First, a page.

|Armstrong, John - Scott|
Submitted to: National Cotton Council Beltwide Cotton Conference
Publication Type: Proceedings
Publication Acceptance Date: 3/2/2007
Publication Date: 7/5/2007
Citation: Armstrong, J.S., Coleman, R.J., Duggan, B.L. 2007. Characterizing the damage and oviposition of a Creontiades plant bug to South Texas Cotton. National Cotton Council Beltwide Cotton Conference, January 9-12, 2007, New Orleans, Louisiana. p. 34-37. Interpretive Summary: Our research focused on characterizing the damage caused by a plant bug identified to the genus name Creontiades, and that on occasion infests cotton in the South Texas and Coastal Bend regions after migrating in from coastal host plants. We infested cotton bolls with Creontiades by enclosing them on the plant, and also simulated the damage by injecting a pectinase enzyme into cotton bolls at the same time infesting the bolls. Our objective, other than finding out the damage is caused by Creontiades, was to develop a simulated technique that would help us in determining more about the economics of making treatment decisions. Our findings showed that Creontiades are seed feeders based on the damage that occurred to the developing seeds, and this damage resulted in reduced seed cotton, lint, seed weights, and number of growths on the inside of the carpal wall when compared to the non-infested bolls. When we used 5, 10, and 15% pectinase injections in the bolls, it did simulate the actual feeding injury with the exception that Creontiades probe with their mouthparts and inject digestive enzymes in more places on the boll in an effort to feed on the seed. Our simulated technique of injecting pectinase did not result in as consistent injury to the seed, however, we believe we can improve on this by injecting multiple times with the pectinase.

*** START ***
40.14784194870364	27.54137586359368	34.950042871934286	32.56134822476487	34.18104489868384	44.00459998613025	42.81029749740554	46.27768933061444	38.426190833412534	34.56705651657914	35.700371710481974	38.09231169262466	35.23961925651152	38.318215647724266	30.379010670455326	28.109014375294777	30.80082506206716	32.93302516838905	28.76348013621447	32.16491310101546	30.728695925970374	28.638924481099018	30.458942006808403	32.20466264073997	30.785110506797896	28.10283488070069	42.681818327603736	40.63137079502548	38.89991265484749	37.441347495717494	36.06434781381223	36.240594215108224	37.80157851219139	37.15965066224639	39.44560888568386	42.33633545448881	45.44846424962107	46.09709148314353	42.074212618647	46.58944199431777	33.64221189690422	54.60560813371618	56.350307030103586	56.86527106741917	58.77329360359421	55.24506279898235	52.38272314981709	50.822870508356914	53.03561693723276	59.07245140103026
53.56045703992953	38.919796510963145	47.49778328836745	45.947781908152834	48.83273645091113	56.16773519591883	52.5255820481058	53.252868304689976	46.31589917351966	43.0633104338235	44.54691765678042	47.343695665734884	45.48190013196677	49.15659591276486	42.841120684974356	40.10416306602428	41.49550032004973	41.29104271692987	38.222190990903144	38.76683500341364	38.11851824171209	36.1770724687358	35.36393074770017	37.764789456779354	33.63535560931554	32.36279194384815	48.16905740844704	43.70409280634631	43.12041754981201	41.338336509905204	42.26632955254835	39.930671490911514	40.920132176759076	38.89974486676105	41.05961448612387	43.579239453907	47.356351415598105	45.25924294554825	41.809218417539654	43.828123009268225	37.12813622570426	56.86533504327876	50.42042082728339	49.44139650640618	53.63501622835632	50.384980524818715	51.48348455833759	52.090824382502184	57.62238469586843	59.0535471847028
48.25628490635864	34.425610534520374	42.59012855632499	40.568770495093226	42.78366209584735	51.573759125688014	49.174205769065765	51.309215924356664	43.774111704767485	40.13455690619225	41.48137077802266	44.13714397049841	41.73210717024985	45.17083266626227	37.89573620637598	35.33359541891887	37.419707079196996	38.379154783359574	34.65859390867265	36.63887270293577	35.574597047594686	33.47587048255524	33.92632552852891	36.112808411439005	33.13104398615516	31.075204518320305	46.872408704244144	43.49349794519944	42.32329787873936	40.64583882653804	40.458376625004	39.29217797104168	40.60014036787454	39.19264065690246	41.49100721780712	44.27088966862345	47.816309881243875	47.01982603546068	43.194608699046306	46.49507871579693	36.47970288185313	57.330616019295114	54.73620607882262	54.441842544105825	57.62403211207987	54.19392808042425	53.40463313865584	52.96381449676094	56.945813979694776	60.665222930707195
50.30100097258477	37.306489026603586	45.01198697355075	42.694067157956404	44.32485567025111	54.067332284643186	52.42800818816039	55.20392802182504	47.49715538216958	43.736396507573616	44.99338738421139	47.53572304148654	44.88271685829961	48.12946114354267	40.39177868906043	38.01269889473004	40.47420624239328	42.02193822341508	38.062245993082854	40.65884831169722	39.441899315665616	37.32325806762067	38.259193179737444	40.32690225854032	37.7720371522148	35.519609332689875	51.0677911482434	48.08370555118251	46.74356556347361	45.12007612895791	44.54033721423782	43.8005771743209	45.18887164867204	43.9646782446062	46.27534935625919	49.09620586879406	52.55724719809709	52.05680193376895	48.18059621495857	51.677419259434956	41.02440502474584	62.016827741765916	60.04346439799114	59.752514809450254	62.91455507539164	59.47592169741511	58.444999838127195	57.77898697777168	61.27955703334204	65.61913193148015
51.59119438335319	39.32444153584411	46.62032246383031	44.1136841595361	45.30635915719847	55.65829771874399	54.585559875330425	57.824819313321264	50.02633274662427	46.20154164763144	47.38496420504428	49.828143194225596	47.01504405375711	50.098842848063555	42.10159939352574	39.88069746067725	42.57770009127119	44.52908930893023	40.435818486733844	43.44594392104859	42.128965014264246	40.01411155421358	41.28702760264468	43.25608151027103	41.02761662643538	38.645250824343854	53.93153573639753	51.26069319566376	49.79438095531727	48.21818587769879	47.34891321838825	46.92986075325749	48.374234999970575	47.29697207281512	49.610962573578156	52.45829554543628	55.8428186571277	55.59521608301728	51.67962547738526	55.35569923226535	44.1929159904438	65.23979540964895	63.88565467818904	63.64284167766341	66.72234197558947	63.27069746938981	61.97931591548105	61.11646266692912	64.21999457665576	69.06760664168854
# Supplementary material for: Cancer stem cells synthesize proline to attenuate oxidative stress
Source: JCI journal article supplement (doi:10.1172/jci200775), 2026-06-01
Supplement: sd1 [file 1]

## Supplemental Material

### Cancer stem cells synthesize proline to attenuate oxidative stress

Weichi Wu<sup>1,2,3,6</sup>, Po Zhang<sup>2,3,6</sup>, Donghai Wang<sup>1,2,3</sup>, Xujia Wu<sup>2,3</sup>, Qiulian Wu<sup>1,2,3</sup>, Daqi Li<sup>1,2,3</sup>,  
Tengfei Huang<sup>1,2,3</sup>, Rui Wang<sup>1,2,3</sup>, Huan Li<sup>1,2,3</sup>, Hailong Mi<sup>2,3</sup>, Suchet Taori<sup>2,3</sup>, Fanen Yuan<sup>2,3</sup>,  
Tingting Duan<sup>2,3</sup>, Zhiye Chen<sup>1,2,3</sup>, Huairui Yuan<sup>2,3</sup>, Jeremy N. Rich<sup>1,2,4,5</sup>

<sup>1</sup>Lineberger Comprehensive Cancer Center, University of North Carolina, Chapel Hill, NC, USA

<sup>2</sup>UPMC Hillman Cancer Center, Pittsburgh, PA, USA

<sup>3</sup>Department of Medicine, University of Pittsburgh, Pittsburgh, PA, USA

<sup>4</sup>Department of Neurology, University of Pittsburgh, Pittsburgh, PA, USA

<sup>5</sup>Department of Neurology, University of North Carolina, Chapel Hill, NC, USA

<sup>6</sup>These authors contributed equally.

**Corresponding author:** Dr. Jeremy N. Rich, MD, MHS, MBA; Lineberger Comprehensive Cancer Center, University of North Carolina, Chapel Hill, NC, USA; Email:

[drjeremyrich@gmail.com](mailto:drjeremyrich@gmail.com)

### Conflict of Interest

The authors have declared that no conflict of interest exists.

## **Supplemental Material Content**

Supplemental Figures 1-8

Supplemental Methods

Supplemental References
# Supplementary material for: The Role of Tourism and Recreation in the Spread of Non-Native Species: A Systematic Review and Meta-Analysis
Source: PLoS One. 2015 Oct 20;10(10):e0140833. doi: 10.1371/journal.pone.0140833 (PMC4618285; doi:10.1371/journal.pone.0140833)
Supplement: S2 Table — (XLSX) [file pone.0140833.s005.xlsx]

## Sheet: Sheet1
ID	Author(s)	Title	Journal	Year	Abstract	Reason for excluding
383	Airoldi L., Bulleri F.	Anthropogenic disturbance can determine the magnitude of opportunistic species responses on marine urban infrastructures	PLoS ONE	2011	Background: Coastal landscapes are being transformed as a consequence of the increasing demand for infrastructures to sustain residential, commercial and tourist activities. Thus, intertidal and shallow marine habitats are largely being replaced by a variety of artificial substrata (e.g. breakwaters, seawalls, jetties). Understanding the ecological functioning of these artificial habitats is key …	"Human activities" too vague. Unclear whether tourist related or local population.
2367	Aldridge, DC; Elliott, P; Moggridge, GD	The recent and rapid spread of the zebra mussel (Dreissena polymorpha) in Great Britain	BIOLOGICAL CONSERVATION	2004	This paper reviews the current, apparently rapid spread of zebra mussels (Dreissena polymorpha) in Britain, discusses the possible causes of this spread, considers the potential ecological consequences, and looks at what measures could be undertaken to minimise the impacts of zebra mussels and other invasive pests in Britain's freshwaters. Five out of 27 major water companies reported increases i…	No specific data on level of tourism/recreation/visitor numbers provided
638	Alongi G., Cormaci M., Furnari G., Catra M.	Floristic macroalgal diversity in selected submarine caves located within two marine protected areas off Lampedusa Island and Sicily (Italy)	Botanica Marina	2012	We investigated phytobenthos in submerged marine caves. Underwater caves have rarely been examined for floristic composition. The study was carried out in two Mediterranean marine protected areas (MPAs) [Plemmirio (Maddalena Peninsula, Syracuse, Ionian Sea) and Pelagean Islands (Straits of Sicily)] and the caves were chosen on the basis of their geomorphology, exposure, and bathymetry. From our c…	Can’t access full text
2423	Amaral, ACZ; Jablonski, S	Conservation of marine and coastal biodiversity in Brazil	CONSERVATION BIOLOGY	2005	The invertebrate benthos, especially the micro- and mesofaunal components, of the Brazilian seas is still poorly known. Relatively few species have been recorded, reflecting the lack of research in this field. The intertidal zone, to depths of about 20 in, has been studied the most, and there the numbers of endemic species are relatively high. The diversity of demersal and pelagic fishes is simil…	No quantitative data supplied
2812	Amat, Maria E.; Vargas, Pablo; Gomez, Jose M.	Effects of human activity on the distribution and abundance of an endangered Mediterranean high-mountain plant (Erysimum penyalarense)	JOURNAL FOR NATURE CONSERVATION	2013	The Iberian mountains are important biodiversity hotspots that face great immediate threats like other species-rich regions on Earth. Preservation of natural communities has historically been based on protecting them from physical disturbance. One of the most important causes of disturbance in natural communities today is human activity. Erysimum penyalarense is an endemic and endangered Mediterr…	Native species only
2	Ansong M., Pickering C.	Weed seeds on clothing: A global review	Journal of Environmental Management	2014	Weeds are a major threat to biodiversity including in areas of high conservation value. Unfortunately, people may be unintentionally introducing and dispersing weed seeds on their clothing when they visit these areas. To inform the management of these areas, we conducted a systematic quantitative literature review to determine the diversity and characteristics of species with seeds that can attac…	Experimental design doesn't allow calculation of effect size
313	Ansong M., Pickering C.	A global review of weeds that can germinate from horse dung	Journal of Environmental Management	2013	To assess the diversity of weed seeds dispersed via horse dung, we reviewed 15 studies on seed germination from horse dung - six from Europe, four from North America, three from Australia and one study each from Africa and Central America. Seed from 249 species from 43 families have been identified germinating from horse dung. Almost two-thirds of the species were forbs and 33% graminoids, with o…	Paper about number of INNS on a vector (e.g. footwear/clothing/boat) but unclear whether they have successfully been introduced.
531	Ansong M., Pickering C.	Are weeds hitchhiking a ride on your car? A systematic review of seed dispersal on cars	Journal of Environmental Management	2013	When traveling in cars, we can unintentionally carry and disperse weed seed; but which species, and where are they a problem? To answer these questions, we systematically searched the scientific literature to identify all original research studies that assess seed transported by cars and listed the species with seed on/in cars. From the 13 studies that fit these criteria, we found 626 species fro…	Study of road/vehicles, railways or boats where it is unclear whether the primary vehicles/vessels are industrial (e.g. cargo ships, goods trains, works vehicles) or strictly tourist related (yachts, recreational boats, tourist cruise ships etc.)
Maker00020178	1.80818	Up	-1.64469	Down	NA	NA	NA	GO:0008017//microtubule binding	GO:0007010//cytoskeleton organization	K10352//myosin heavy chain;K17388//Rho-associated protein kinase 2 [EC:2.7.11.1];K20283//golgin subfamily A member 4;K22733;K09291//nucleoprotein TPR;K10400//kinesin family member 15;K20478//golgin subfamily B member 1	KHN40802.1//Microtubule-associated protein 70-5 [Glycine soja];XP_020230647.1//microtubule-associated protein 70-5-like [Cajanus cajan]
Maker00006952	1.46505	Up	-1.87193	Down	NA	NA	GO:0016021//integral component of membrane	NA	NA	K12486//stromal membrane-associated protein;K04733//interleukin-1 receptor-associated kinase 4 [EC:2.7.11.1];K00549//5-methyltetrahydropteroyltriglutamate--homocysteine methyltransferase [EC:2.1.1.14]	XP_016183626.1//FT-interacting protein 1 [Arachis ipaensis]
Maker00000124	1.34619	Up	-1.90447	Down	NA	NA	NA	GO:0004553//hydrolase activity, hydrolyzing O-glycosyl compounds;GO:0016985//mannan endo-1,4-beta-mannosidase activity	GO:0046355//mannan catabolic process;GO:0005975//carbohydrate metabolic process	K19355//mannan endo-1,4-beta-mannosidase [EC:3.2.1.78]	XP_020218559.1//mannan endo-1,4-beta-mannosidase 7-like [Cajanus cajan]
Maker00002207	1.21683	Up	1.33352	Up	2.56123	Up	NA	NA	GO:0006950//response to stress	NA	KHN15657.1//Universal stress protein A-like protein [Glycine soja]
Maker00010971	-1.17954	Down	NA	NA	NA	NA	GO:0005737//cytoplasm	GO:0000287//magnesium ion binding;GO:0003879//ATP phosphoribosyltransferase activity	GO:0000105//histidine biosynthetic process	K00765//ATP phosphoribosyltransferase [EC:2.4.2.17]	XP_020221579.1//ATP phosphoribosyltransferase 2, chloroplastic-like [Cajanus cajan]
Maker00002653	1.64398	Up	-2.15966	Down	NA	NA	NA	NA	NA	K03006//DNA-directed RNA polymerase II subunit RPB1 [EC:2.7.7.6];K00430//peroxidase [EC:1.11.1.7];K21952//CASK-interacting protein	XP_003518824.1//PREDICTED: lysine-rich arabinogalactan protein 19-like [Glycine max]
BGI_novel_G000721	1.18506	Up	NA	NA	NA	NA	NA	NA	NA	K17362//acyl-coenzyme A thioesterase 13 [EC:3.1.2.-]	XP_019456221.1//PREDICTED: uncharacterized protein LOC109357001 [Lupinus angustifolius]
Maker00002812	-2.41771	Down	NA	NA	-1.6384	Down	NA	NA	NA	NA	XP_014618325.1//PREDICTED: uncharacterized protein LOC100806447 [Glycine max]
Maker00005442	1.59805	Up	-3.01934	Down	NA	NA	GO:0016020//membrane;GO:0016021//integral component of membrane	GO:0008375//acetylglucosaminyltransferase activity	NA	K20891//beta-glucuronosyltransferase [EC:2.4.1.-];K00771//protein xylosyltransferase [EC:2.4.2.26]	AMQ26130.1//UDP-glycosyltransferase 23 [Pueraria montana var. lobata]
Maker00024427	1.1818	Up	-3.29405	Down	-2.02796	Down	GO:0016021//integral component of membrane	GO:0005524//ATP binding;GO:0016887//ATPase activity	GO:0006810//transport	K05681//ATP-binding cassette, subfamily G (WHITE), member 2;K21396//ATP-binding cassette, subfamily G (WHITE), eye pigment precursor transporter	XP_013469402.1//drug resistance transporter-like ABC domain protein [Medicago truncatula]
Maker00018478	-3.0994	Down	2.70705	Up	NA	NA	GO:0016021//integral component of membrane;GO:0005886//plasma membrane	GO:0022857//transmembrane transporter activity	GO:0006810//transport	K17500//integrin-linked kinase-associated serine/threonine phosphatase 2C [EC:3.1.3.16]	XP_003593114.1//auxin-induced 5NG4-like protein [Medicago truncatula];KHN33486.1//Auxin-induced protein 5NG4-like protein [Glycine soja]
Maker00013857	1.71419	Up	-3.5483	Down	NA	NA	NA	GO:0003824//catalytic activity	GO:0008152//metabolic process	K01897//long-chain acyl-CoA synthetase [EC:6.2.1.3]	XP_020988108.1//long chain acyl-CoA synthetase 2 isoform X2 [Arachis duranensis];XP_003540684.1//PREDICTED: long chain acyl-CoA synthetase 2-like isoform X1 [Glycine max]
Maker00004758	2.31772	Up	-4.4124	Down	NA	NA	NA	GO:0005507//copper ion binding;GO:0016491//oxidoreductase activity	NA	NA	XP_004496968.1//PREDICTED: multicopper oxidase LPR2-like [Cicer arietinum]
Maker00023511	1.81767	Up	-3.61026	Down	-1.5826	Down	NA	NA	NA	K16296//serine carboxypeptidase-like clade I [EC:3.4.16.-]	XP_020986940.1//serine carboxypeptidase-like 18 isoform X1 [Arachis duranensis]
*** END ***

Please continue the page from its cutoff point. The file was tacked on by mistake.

Technical Abstract: A plant bug Creontiades (Heteroptera: Miridae), has been infesting cotton in the Coastal Bend and South Texas growing regions in high enough densities that insecticide treatments have been applied to reduce feeding damage, even though an economic threshold has not been established. Our research focused on characterizing the damage caused by the Creontiades plant bug by infesting cotton bolls and comparing this to a simulated damage of injecting cotton bolls with 1ul dilutions of pectinase in distilled water. Creontiades enclosed on 8 d old cotton bolls significantly reduced seed cotton, lint, and seed weights, and had significantly higher injury score, number of damaged seeds, and growths on the carpal wall when compared to control (enclosed but not infested bolls). In 2005, 10% pectinase injections were not as injurious to cotton bolls as the Creontiades infestations, but all parameters separated out from the controls. In 2006, when 5% and 15% pectinase injections treatments were added to the Creontiades, 10% pectinase and control treatments, the injury score, injured seeds and growths on the carpal wall all separated out significantly (control<all pectinase injections<Creontiades). However, the Creontiades infestations were not significantly different from any of the pectinase injections in terms of seed cotton weight, lint weight, and seed weight in 2006 partially because of drought conditions where any form of injury was magnified by drought stress.